Step 9: Selecting the Main ProjectSelecting the Main Project

Now you’ve created your new project!

If you followed the previous step, it should also be your main project. If it’s not, or if you want to set a different project as main, right click on where it appears in the left-most pane, and select “Set as main project” from the drop-down menu.

Finally, to move to the next step, click the white button up in the top left, or select File -> New File.

Step 10: Choose File Type

Choose File Type

A window should pop up titled “Choose File Type”.

C is generally the best programming language for microcontrollers. It’s abstract enough to make things easy for you, but low enough to give you control while also producing a small file size.

C++ is also a good option, but those files tend to be larger. We’ll be using C for this project.

Select “C” in the left-hand pane, and “C Main File” in the right-hand pane, as in the picture above. Then click Next.

Step 11: Name and LocationName and Location

The next window will be Name and Location.

This step is self explanatory, but you’ll want to leave the “folder” field empty. That way MPLAB will automatically place your new project in the project folder it’s already created.

Click “Finish”.

Step 12: Move Your FileMove Your File

By default, your new file will be put into the main folder of your new project. This is fine, and will work, but it’s best to put program files into the “Source Files” folder inside your project.

Select the file (as in picture 1) and drag it down to the “Source Files” folder, as in picture 2.

Step 13: Copy and PasteCopy and Paste

Copy and paste the following code into your main file (overwriting whatever is already there).

// This code is specific to the DP32, and will not work on any other chipKIT device.
// For instructions on how to change this code to suit other chipKIT boards, check the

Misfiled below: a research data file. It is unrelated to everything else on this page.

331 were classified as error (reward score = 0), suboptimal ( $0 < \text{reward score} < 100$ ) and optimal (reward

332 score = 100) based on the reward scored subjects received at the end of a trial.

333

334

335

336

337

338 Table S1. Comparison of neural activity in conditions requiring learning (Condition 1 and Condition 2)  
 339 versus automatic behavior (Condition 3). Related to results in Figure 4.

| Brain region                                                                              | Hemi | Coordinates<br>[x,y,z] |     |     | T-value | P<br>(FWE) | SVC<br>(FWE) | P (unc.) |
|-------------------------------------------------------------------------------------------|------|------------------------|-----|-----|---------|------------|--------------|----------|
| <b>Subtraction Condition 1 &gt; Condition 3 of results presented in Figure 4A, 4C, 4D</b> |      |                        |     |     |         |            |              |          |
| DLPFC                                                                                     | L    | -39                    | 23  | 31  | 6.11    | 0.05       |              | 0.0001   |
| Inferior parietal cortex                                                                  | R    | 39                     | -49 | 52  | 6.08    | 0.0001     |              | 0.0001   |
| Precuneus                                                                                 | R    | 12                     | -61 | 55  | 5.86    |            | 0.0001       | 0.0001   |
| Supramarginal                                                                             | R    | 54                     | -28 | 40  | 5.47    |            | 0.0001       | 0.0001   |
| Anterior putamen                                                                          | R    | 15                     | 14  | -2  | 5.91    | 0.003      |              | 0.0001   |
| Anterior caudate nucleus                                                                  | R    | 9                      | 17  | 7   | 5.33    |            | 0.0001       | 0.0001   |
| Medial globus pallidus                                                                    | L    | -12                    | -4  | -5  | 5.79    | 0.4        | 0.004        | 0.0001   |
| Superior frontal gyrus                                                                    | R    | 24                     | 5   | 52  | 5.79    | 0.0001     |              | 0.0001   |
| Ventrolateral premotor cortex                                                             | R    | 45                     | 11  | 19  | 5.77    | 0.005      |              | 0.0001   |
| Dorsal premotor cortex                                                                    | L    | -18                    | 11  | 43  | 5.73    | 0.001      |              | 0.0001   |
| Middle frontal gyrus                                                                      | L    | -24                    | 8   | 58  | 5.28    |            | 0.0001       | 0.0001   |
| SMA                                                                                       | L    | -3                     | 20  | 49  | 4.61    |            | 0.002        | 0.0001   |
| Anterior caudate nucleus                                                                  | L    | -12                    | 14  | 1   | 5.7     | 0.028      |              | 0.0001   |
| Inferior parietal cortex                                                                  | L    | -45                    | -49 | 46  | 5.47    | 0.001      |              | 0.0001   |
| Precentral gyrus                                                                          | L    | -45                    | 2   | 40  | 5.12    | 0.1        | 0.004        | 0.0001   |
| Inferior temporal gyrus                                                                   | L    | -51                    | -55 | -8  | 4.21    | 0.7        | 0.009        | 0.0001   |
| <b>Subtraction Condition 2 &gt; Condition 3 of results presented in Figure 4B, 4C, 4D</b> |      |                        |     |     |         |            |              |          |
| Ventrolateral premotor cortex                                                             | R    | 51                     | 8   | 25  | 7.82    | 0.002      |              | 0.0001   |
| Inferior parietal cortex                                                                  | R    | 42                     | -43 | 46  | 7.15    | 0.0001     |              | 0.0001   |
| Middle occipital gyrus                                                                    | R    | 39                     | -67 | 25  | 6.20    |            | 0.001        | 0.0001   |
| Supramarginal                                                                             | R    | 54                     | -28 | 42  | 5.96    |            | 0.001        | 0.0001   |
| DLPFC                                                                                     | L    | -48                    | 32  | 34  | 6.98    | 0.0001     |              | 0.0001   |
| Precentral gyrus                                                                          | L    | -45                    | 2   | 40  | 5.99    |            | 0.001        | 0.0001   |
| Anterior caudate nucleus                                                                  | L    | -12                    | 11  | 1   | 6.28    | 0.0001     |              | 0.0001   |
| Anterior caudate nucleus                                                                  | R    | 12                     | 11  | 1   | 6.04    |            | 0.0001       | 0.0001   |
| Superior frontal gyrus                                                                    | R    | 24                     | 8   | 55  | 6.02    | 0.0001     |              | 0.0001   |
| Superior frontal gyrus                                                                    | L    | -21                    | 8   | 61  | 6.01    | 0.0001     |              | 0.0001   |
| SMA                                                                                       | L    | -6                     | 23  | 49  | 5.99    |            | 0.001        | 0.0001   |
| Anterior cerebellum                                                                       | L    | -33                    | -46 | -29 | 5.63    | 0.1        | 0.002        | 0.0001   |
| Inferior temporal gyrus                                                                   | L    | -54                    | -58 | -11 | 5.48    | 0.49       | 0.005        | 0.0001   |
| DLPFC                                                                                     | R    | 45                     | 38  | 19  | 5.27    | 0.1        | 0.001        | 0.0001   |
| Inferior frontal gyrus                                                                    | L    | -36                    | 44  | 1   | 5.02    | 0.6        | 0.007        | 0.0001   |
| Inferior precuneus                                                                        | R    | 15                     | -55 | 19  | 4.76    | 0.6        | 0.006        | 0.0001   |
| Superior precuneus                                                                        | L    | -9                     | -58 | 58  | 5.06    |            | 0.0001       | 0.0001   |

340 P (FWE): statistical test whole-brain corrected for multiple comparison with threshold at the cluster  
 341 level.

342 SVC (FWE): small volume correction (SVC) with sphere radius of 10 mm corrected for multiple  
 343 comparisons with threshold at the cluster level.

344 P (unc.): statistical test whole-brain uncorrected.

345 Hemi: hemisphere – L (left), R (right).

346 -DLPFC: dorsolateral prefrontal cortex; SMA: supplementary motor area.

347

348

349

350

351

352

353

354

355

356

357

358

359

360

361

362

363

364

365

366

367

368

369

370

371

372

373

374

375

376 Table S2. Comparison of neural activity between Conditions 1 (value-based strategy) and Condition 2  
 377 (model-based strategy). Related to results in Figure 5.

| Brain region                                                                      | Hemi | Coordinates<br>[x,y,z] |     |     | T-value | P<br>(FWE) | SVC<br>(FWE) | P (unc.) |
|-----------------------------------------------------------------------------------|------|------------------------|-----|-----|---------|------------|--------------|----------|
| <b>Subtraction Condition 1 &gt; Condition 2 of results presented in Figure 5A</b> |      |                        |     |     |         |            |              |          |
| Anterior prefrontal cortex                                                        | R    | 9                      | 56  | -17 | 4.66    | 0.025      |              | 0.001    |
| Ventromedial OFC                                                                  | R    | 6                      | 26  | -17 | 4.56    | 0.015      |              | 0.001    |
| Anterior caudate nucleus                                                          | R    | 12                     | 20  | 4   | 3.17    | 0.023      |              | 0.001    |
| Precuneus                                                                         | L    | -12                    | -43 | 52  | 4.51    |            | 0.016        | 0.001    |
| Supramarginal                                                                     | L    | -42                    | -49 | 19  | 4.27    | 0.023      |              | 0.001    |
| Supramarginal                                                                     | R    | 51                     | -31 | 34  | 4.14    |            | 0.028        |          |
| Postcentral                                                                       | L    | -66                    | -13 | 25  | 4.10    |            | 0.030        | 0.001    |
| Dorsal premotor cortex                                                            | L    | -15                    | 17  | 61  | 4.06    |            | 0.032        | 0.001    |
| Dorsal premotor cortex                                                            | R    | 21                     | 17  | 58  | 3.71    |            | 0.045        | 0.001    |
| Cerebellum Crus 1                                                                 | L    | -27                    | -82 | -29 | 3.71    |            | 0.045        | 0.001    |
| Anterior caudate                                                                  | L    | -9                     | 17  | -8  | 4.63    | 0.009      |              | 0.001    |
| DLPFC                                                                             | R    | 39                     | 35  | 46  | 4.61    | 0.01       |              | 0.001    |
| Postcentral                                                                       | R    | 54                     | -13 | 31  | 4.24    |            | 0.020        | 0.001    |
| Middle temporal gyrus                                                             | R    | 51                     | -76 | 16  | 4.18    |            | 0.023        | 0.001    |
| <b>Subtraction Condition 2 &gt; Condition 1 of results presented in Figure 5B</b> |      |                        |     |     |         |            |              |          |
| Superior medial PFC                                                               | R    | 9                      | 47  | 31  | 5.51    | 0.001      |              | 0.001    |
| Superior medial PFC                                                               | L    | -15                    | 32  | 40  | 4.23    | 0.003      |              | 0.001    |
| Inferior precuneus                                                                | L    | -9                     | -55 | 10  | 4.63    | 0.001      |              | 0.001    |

// Digilent blog for my post on how this code works.

#include <stdio.h>
#include <stdlib.h>
#include <p32xxxx.h>

// Main is where our program starts
int main(int argc, char** argv)
    // This code only gets executed once
    // It's the same as our setup() function in Arduino
    int i = 0; // Generic index value
    // Set pin 13/RB02 to output
    TRISBbits.TRISB2 = 0;
    // This is functionally the same as the pinMode() function in Arduino
    // This while loop runs forever.
    // It's the same as our loop() function in Arduino.
        // Read the logic level of pin 13/RB0
        // Invert that, and set its logic level to the opposite of what it was
        LATBbits.LATB2 = ~PORTBbits.RB2;
        // This is a combination of digitalRead() and digitalWrite() in Arduino.
        // Delay for some time.
        // We're cheating and not using timers, because those are complicated,
        // so we don't know the exact time this will delay for.
        for(i = 0; i < 10000; i++);

    return (EXIT_SUCCESS);

I won’t explain what this code does here, but if you’re interested and would like a complete explanation of what is going on, I’m writing a blog post for the Digilent blog that goes into more depth.

Step 14: Connect Your BoardConnect Your Board

Each chipKIT board has an ICSP port, used by programmers like the chipKIT PGM. If you look closely at this port, you will find that one of the pin holes is square instead of round.

When you connect the PGM to your chipKIT board, you need to make sure the little white arrow on its wrapping is closest to this square pin, or you could damage your board.

Once the PGM is plugged into the board, connect both the PGM and the microcontroller to your computer with their respective USB cords.

Step 15: Set ConfigurationSet Configuration

Now that your board and programmer are plugged in, you’ll need to tell MPLAB to use that programmer.

Right-click on your project and select Set Configuration -> Customize. This will take you to the Configuration window. In the left-pane, scroll down until you see the chipKITprogrammer option, and select this. In the right-pane, make sure the XC32 compiler is selected, then hit “OK”.

The PGM needs to be plugged in during this step, otherwise it won’t appear as an option.

Step 16: Upload Your CodeUpload Your Code

Finally, click the “Make and Program Device” button (boxed in the picture above).

This will compile your C code into machine code, and program your chipKIT board! If you used the code I supplied, you should see your board’s LED slowly blinking.

Of course, as I mentioned before, this will overwrite the bootloaders that Arduino uses to load code onto your board. That means that after using MPLAB, you cannot use Arduino, or MPIDE, to program your board until you re-load those bootloaders.

About The Author

Ibrar Ayyub

I am an experienced technical writer holding a Master's degree in computer science from BZU Multan, Pakistan University. With a background spanning various industries, particularly in home automation and engineering, I have honed my skills in crafting clear and concise content. Proficient in leveraging infographics and diagrams, I strive to simplify complex concepts for readers. My strength lies in thorough research and presenting information in a structured and logical format.